Psalms can teach us a lot about prayer, about the way we are called to rest in God’s love and place our lives into God’s care.  Thankfully, most of us have not lived through as much suffering as the Hebrew people did.  The Psalmists had known terrible times of trial – as unfortunately, so many people around the world know today – fires, earthquakes, plagues, droughts, floods, and war, even military sieges of their cities, and generations spent in slavery and exile.  But I was thinking that many of us live AS IF we were under siege –commuting to a stressful job in the city, or just going shopping, cooking dinner, and getting the kids’ homework and sports practice done on time! 

These Psalms remind us that we do have a choice – we can say “no” to some things of this world that put our inner kingdoms in an uproar, that trouble the inner seas of our hearts.  We can say “no” to conspicuous consumption, to social obligations, or to unnecessary travel.  We can skip at least one tempting holiday event to just sit by the fire.  I encourage you to make an Advent “New Year’s resolution” and do something special to nourish your soul.  Reach out to others and make a quiet visit to a homebound neighbor.  Resolve to begin attending Men’s Fellowship or one of our women’s studies or Wednesday prayers or Faith Forum Bible study.  Or worship with us at our Wednesday Dec. 19th Advent Candlelight Vespers worship service.  This is a busy church, and we do have lots of fun planned for this Advent, but wouldn’t it also be good to schedule some intentional quiet time, just to be still and to know the presence of God?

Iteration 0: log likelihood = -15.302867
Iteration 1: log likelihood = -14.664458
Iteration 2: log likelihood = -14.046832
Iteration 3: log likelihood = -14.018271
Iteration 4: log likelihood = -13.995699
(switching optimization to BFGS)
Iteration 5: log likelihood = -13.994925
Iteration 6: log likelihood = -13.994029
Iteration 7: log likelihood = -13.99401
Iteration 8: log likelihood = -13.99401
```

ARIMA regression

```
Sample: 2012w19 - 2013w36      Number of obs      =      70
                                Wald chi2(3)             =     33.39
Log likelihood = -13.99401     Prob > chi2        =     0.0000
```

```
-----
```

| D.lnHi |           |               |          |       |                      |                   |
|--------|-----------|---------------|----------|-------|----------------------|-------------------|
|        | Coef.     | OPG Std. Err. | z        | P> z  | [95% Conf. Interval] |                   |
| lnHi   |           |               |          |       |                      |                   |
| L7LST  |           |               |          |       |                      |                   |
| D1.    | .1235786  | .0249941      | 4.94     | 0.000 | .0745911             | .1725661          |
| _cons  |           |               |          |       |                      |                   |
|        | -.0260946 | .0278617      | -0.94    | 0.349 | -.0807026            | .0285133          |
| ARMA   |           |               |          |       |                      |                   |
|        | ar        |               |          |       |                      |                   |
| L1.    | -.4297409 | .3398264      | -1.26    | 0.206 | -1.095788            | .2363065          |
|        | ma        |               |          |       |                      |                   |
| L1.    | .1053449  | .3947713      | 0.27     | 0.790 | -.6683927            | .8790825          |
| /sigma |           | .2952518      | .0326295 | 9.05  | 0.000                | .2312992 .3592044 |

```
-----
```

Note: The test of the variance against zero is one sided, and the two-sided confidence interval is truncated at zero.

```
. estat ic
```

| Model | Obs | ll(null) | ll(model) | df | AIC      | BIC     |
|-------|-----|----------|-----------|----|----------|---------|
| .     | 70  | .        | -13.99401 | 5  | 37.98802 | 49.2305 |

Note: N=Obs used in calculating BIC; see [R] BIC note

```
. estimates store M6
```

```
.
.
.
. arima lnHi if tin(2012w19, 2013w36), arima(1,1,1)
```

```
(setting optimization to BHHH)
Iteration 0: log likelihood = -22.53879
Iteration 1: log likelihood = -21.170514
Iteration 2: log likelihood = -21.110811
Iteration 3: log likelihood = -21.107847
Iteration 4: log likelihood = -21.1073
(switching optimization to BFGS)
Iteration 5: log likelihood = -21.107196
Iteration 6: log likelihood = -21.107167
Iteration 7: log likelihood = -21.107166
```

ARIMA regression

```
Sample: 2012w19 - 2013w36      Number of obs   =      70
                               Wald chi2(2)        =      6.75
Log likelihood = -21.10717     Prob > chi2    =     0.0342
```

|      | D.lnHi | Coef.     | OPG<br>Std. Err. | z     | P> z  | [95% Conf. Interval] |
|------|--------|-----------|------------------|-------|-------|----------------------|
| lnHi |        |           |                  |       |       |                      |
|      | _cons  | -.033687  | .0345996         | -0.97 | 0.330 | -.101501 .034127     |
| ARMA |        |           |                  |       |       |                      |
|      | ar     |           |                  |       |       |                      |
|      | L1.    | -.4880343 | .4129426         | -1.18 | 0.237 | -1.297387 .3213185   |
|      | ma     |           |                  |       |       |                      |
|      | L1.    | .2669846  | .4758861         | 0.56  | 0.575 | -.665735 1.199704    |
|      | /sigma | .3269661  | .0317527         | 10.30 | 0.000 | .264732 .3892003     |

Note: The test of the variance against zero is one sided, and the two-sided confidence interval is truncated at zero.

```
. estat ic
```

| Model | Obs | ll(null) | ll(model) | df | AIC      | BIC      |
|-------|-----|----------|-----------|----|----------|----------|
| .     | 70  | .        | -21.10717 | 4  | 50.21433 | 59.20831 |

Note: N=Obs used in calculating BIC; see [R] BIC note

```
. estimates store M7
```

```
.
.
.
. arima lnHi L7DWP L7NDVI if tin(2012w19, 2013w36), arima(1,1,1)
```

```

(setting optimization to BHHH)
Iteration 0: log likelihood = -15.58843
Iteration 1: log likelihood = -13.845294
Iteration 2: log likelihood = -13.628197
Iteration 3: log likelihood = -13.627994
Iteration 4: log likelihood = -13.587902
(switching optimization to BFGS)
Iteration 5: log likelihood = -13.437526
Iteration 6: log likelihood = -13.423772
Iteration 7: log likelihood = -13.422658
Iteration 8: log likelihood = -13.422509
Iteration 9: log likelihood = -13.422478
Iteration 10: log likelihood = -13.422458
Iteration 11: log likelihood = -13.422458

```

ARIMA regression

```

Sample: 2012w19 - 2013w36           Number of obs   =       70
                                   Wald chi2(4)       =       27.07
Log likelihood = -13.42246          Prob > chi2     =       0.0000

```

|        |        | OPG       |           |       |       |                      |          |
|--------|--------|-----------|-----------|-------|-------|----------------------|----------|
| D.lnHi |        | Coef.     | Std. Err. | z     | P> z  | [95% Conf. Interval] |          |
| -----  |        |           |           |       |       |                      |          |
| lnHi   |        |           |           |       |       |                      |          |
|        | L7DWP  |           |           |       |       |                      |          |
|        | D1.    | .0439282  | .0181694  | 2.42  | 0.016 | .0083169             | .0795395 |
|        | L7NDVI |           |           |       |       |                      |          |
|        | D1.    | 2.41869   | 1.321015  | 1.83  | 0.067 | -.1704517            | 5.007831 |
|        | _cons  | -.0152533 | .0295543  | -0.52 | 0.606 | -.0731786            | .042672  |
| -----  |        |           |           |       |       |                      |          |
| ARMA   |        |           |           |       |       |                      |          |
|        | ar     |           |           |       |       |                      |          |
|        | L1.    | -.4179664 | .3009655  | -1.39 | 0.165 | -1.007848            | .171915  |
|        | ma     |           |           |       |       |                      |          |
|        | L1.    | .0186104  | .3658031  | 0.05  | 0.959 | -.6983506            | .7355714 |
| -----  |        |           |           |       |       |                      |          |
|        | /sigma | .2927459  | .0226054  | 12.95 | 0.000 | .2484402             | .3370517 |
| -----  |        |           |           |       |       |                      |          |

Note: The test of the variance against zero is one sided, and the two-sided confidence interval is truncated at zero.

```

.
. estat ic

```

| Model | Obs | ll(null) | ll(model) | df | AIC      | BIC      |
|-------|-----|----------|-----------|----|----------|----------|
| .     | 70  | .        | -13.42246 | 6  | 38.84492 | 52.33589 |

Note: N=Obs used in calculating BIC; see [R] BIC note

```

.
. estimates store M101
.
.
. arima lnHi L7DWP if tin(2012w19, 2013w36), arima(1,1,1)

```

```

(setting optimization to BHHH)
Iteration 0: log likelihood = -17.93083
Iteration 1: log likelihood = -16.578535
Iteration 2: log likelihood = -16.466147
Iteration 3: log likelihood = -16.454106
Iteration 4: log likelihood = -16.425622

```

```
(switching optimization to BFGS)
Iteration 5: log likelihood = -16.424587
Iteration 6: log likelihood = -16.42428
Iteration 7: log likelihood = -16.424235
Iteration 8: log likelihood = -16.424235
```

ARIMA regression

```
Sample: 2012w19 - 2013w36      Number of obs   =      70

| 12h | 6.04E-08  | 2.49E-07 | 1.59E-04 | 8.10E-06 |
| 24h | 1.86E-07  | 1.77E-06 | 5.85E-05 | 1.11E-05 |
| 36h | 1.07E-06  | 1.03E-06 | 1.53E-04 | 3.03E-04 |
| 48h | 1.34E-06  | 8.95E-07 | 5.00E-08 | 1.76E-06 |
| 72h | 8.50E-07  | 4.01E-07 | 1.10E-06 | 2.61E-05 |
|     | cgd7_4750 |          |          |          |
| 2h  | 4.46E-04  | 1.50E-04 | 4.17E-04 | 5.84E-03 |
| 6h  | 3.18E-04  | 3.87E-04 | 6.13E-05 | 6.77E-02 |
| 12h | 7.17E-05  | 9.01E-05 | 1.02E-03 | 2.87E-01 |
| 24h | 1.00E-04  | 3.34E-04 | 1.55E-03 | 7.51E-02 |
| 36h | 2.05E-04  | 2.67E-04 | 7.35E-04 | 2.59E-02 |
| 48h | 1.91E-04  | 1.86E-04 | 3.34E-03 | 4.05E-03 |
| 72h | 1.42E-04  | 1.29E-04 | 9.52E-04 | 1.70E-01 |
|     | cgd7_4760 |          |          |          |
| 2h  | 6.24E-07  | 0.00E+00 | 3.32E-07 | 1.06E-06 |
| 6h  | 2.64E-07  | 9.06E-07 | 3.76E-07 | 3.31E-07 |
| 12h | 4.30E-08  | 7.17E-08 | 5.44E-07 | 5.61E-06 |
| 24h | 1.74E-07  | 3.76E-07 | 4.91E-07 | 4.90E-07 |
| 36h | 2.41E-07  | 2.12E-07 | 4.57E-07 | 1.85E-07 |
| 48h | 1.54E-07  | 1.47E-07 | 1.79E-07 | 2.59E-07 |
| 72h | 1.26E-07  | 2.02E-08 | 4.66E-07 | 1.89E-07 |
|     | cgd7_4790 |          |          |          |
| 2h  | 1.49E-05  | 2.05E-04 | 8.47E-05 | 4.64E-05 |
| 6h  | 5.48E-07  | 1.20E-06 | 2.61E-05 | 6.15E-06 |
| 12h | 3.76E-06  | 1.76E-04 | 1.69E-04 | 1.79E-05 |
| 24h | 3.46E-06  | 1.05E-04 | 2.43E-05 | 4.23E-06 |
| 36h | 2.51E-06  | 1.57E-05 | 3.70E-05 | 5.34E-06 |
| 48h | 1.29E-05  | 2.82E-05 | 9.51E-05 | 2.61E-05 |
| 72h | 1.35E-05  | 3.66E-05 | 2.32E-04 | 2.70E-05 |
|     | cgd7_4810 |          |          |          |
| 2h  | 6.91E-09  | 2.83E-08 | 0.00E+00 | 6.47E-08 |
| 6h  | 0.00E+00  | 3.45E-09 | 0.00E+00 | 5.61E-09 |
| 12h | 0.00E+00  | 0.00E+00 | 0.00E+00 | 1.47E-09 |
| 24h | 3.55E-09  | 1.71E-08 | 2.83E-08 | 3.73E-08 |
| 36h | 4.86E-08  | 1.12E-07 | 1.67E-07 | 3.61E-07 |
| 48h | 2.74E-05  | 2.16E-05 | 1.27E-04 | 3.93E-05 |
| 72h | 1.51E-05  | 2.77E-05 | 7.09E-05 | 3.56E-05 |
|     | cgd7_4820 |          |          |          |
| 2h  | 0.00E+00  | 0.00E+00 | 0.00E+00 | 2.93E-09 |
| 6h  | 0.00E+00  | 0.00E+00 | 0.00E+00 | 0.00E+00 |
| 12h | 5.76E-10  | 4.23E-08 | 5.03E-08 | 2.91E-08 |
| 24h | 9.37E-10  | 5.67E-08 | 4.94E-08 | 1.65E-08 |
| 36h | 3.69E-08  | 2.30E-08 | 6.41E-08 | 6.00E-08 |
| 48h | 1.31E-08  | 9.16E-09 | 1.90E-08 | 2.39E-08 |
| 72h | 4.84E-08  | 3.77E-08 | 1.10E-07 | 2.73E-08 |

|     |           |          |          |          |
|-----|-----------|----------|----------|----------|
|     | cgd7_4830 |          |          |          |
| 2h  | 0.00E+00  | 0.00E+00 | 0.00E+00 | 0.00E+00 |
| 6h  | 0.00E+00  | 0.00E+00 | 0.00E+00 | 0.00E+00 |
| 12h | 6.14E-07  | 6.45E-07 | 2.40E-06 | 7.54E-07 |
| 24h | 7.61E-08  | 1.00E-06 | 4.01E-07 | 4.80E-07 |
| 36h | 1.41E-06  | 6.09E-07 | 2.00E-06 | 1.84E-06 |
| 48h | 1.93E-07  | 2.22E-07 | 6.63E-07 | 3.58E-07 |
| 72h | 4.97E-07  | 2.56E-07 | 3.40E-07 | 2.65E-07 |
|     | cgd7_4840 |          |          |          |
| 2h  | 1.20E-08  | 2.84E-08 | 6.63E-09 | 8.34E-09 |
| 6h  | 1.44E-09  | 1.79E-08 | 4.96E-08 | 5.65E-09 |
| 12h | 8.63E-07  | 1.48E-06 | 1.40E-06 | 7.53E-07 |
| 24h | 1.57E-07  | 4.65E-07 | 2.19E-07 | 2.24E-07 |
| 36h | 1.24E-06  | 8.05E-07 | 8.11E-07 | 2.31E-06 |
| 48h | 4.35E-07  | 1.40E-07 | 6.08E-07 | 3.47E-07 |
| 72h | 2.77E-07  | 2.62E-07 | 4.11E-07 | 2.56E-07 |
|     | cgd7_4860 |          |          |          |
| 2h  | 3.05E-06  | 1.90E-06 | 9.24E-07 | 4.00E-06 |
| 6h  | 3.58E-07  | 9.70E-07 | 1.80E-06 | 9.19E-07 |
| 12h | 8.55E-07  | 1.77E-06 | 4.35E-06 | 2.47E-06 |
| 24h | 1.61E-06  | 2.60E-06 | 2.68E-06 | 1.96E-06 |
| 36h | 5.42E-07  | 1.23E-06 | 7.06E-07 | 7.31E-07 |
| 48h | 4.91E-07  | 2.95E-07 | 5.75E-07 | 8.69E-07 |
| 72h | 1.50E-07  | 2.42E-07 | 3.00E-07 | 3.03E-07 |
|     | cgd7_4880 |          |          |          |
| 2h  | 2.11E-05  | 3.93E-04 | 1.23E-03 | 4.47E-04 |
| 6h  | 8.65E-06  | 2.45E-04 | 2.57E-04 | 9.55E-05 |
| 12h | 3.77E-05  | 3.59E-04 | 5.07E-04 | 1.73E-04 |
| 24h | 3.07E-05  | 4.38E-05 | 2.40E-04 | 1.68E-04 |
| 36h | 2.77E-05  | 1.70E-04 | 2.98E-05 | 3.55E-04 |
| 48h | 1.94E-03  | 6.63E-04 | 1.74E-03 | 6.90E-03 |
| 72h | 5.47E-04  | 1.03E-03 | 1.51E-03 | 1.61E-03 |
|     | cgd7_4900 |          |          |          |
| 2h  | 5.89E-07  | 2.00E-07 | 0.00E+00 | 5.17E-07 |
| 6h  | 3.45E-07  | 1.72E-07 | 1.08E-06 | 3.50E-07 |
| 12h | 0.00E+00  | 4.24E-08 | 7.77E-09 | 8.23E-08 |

Following a regular home spiritual practice is a rich part of our New England Congregational heritage.  Simple morning and evening prayers were once a vital part of the Congregationalist tradition.  It’s something we could all do.  All it takes is a few moments in bed in the morning – that’s when they would say their prayers of thanks – first of all, for having the good health it takes to wake up at all.  (I have a 98-year-old friend who likes to say that at her age, any day that begins with actually waking up alive is a good day!)  I’ve been doing this morning prayer practice over the Thanksgiving holiday, when I wasn’t in such a rush to get the kids on the school bus, and I’m going to set the alarm early enough next week to continue – it’s been such a blessing in my life. 

Congregationalist evening prayers were similar, but maybe a bit more challenging.  They could be done alone, or as a family.  You read some words from the Bible and sit for a time of silent prayer, examining that day’s events against the text.  Then, where there was a failure to live up to the scripture, you offer a prayer of confession and apology.  Now as busy as our lives are, I think that kind of daily devotion could be more difficult to schedule, but just imagine how it could foster spiritual growth and peace in our families, and among those who struggle to live in harmony together.

Right now, following these kinds of daily spiritual disciplines are more common among more evangelical Christians.  I saw a Bible church website that was claiming this kind of daily devotional as part of their faith heritage, which they linked to the Pilgrims, and I thought – now just WAIT a minute, that’s OUR spiritual heritage!  But how much do we claim it for ourselves?  It’s great that churches like ours are so welcoming to all kinds of Christians, including those who don’t worship every week, much less every day – that’s so much better than guilt-based religion. But let’s not sacrifice a life-giving spiritual practice like personal prayer in the name of tolerance.